Photo by Megan Peters
story highlights

It is important to look systematically at the implications one approach or policy has on the achievement of other goals and targets.

For example, while a top-down agricultural policy in Rwanda led to progress towards SDG 1 (no poverty), it did not necessarily lead to a reduction in inequality, as called for by SDG 10 (reduced inequalities).

A systems approach can support achievement of cross-sectoral implementation and achievement of the SDGs.

Agriculture is a “common thread for sustainable development” that can enable achievement of the 2030 Agenda and its Sustainable Development Goals (SDGs). Though it impacts most directly on SDG 2 (zero hunger), a focus on agriculture also contributes towards the achievement of eight other SDGs.1 For instance, agriculture’s role in eradicating poverty (SDG 1) has been highlighted extensively.2

While we note the positive linkages between agriculture and poverty, it is important to look systematically at the implications one approach or policy has on the achievement of other goals and targets. The case of agricultural modernization in African countries like Rwanda, where almost all rural households depend directly or indirectly on agriculture for their livelihoods, is instructive.3

According to cross-country estimates, GDP growth originating in agriculture is at least twice as effective in reducing poverty as GDP growth originating outside agriculture.4 Research on the impact of agricultural growth in several Sub-Saharan countries reconfirms this positive correlation on an aggregate level.5 However, when national impact is disaggregated to sub-national or local levels, a decrease in poverty rates nationally may be accompanied by a rise in social inequality and inequity within local communities.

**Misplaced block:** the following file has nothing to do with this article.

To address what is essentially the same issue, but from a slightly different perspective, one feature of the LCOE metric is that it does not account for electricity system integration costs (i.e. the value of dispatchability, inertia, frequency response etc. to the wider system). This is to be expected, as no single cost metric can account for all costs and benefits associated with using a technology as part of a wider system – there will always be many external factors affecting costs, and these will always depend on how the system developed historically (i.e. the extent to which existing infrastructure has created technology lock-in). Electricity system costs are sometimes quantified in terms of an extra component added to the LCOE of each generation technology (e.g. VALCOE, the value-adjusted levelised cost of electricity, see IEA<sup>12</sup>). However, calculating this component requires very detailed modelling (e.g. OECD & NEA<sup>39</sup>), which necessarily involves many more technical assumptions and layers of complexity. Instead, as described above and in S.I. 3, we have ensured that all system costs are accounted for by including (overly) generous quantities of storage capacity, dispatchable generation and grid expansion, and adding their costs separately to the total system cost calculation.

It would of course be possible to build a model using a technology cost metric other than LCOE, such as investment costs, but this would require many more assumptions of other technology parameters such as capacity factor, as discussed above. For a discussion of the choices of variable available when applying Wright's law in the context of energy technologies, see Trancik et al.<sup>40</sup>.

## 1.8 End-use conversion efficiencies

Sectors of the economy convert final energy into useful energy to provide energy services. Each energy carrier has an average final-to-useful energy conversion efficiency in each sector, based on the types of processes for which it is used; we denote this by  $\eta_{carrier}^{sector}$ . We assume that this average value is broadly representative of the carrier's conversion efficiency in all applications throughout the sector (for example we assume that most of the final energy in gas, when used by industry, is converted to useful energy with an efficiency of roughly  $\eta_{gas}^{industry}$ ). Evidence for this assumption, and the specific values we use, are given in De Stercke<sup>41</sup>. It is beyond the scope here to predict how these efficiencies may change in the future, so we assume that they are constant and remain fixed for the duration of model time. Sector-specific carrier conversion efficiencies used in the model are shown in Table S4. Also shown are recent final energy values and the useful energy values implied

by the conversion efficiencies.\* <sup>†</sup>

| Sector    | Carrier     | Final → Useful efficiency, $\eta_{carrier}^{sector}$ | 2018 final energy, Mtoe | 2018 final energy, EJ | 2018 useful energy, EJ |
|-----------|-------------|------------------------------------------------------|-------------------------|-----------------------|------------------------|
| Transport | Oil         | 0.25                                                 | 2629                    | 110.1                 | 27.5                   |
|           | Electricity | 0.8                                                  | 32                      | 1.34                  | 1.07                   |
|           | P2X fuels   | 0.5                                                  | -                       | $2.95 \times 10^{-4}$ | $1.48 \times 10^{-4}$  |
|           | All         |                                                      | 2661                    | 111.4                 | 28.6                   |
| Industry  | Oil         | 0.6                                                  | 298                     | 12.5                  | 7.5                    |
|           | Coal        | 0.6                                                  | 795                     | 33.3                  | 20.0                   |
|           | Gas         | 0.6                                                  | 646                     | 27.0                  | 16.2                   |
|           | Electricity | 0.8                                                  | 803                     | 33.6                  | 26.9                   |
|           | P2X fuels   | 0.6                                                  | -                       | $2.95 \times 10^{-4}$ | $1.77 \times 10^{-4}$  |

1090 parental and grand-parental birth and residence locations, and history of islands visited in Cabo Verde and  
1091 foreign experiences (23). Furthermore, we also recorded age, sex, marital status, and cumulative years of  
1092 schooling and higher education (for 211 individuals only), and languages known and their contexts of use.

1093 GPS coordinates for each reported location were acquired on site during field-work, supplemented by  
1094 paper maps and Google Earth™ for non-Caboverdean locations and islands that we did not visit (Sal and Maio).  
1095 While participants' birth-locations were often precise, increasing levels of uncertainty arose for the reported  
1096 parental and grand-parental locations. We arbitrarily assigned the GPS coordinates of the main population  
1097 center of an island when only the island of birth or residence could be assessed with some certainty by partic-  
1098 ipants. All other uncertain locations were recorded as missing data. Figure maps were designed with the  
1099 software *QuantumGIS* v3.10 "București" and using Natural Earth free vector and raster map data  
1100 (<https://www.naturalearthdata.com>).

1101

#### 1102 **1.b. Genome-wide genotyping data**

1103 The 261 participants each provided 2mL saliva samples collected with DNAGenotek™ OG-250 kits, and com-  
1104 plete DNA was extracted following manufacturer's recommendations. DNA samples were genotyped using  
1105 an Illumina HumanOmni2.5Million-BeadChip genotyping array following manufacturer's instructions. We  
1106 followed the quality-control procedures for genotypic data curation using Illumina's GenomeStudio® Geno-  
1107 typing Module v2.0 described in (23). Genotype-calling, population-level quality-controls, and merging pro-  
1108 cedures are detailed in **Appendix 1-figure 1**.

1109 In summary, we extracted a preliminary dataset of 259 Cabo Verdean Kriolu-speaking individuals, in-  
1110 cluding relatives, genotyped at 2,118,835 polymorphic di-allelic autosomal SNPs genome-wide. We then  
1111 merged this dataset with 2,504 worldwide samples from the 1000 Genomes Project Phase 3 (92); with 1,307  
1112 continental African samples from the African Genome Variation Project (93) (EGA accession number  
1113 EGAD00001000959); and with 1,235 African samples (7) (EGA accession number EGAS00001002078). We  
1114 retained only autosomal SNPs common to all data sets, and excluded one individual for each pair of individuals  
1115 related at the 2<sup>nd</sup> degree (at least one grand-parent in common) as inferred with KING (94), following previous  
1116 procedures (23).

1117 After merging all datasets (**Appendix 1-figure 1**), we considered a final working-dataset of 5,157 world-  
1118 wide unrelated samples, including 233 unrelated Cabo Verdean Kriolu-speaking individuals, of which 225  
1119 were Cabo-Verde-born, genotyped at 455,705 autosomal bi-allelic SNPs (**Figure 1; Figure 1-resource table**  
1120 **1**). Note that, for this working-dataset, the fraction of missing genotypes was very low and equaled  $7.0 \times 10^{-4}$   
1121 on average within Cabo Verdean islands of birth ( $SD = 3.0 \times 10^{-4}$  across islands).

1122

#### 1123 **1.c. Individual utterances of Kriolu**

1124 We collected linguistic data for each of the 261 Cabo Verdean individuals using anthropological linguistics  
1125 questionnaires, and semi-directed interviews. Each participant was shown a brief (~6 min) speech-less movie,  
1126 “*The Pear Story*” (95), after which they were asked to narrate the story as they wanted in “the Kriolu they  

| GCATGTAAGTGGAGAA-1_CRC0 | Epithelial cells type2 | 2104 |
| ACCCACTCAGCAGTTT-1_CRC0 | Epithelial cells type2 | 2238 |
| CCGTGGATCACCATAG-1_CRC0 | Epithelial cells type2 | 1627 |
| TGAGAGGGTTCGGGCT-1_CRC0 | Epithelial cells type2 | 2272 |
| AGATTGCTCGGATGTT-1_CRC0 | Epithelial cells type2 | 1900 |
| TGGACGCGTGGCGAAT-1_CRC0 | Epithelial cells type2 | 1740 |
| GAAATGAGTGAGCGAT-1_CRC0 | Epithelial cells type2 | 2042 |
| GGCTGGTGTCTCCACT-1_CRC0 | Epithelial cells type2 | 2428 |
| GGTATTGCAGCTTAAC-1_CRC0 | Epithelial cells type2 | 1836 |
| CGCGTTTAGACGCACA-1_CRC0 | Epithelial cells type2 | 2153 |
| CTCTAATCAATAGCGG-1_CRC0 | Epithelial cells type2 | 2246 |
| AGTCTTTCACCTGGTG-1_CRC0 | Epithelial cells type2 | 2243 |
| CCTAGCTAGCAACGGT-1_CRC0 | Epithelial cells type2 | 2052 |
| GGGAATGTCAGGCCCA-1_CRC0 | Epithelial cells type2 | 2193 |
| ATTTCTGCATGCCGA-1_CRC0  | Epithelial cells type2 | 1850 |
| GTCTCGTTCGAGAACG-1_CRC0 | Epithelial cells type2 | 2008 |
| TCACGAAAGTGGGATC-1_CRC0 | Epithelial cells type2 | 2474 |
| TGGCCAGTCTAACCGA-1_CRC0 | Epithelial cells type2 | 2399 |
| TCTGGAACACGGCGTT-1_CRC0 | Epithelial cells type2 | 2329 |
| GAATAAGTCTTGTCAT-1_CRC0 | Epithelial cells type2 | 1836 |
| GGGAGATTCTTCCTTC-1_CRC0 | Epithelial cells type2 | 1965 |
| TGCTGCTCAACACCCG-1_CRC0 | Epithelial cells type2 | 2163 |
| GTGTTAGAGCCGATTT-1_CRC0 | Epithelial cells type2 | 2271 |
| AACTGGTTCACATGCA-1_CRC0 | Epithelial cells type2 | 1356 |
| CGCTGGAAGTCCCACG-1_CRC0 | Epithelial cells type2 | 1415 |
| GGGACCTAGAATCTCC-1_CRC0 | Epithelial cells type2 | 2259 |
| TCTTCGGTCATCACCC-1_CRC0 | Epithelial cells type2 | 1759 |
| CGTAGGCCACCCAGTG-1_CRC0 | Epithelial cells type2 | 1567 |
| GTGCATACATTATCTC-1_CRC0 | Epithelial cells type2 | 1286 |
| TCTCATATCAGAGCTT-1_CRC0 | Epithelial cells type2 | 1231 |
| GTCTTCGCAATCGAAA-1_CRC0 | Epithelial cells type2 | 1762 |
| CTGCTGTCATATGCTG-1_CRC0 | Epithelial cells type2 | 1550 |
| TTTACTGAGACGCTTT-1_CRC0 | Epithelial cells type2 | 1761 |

For example, Green Revolution policies in Rwanda resulted in falling poverty rates on the national level. However, a disaggregated analysis demonstrated that only a relatively wealthy minority benefited from agricultural modernization that was imposed on local communities, while the policies exacerbated landlessness and inequality for poorer rural inhabitants.6

Such findings reveal that while this top-down agricultural policy led to progress towards SDG 1, it did not necessarily lead to a reduction in inequality, as called for by SDG 10 (reduced inequalities). In fact, the results may have pitted the achievement of one goal against another. The case provides a valuable lesson on the importance of developing more consistent and holistic policies to achieve the SDGs. This lesson is in line with the spirit of the SDGs, which were created as a guide for breaking down economic, environmental, and social “silo” approaches to development.7 In this regard, a systems approach can support achievement of cross-sectoral implementation and achievement of the SDGs.

Systems approaches are especially useful for gaining a common understanding of a system among policy stakeholders, examining formal and informal rules by which a system is governed, and considering boundaries that constrain the parts of the system about which the development community cares. A system must be modeled such that behavior is insensitive to excluded variables, i.e. boundaries (geographic and conceptual) must be thoughtfully considered. Such considerations were largely ignored in Rwanda, where imposed modernization and crop specialization disrupted complex local knowledge systems, as well as existing networks of trade, communications, and social relations between villages and their inhabitants.8 Arrangements through the National Land Policy decreased tenure security for the majority of inhabitants, while reallocation of land to cash crops under contract farming agreements led to dramatic shifts in land control.9 If access to resources for vulnerable populations and sub-national context had been considered, the policies may not have exacerbated such disparities.